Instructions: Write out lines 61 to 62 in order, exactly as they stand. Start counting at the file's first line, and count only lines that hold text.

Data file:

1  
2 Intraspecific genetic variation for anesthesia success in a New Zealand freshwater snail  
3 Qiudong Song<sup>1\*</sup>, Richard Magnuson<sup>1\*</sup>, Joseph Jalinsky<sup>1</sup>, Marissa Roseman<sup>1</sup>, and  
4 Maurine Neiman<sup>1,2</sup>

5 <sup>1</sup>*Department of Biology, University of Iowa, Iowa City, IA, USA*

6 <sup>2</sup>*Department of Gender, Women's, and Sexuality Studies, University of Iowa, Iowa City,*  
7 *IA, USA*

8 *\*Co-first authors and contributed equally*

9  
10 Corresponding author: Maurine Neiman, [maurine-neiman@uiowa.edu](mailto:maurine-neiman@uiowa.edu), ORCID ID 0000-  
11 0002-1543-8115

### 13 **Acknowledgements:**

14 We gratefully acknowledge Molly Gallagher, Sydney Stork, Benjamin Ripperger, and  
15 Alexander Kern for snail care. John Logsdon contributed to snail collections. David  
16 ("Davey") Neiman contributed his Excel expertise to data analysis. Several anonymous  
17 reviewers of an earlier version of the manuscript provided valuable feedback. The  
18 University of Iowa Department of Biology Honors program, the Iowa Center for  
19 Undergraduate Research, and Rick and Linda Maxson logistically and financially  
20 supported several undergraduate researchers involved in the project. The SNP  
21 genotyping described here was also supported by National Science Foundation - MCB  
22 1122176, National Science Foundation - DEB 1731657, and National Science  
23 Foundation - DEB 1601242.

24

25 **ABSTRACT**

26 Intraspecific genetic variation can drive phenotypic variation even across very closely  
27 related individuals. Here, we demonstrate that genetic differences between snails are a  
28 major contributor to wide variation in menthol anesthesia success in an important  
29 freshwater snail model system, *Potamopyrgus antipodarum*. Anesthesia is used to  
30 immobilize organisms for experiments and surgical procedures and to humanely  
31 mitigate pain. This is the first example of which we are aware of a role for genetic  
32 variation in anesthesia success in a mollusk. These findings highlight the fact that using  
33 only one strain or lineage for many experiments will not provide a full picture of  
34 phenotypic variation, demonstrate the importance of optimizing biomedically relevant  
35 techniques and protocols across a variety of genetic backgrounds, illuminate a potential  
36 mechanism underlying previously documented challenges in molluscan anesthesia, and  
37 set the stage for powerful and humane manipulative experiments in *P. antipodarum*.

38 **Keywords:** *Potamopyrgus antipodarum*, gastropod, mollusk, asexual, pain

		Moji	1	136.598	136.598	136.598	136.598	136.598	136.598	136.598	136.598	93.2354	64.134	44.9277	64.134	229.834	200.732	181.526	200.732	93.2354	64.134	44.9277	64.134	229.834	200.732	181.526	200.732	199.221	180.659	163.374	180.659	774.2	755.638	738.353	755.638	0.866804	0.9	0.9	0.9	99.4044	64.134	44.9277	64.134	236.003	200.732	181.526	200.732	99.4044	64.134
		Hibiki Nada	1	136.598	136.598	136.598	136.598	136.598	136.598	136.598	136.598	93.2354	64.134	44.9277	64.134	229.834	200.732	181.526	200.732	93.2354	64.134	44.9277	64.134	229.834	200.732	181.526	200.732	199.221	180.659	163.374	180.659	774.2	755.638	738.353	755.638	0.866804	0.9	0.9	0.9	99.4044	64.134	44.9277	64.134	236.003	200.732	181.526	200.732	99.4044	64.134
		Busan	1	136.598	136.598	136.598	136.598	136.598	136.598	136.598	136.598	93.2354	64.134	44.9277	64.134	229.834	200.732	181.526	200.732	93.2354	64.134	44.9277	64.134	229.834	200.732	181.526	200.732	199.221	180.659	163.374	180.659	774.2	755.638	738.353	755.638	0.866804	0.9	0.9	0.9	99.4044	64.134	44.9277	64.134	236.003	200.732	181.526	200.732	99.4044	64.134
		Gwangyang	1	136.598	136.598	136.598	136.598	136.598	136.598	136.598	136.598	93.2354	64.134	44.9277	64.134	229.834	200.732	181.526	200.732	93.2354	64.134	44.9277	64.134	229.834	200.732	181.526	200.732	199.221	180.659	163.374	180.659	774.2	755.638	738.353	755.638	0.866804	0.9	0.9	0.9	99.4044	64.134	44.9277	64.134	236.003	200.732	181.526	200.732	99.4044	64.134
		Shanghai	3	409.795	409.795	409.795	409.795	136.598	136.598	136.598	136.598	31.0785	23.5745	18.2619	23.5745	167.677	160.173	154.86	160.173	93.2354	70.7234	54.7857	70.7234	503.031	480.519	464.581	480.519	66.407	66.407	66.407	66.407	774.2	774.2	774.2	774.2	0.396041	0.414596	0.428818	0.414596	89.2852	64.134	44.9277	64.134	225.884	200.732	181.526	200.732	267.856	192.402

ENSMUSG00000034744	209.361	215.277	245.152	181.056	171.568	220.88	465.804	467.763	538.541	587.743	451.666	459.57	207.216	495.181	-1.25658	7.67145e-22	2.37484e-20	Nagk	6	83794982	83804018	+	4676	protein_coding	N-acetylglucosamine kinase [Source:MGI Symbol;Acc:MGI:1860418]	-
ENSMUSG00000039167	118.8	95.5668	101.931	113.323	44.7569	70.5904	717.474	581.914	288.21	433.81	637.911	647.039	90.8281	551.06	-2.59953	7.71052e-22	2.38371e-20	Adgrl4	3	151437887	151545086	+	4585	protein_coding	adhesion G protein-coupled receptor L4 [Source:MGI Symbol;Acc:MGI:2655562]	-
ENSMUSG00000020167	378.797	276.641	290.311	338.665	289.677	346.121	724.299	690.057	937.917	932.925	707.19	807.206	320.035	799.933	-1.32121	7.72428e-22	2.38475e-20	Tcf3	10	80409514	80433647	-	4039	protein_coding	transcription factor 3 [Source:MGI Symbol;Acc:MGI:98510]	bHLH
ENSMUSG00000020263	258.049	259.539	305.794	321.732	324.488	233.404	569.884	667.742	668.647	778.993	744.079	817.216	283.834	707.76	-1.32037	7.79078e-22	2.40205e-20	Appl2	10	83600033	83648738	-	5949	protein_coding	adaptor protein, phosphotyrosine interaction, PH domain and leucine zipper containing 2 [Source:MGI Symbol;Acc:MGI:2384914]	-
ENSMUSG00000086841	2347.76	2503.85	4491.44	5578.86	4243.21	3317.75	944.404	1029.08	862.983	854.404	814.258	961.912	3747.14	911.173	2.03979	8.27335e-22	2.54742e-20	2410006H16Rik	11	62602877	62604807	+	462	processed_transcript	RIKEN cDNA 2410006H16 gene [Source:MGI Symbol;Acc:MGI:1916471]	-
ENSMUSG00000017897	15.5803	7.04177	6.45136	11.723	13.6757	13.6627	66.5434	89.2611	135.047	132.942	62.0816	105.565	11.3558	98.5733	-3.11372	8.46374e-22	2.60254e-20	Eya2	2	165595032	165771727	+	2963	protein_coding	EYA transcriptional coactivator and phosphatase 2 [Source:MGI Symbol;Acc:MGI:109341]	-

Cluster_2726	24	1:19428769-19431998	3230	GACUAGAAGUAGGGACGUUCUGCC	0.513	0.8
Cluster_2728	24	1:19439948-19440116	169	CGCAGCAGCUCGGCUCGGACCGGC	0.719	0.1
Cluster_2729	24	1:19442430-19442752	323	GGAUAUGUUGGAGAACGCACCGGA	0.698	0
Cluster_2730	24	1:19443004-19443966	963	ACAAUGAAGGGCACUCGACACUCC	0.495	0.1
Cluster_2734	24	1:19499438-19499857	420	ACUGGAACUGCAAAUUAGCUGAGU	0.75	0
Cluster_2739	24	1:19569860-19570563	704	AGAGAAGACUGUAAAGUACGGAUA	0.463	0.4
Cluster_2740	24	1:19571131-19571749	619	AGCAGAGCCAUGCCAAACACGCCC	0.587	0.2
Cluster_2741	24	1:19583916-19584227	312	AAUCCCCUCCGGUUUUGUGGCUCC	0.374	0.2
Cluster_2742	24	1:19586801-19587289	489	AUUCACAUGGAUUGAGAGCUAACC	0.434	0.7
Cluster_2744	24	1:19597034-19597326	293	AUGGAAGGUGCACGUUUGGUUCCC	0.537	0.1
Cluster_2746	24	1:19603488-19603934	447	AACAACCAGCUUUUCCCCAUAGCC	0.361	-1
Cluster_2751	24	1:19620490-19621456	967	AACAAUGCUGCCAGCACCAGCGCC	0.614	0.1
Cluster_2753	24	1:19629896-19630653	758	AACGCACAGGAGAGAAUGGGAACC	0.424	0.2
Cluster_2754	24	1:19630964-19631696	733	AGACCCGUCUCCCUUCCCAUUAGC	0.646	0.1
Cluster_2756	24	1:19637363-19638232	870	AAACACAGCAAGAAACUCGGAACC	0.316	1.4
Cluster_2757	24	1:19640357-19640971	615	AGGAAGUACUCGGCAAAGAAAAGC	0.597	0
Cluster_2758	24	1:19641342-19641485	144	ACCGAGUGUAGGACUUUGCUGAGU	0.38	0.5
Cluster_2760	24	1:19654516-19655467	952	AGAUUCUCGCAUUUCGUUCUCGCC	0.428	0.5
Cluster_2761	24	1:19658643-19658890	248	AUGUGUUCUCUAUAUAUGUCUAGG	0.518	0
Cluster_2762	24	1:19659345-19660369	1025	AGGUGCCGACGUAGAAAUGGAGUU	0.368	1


Cluster_2753	24	1:19629896-19630653	758	AACGCACAGGAGAGAAUGGGAACC	0.424	0.2
Cluster_2754	24	1:19630964-19631696	733	AGACCCGUCUCCCUUCCCAUUAGC	0.646	0.1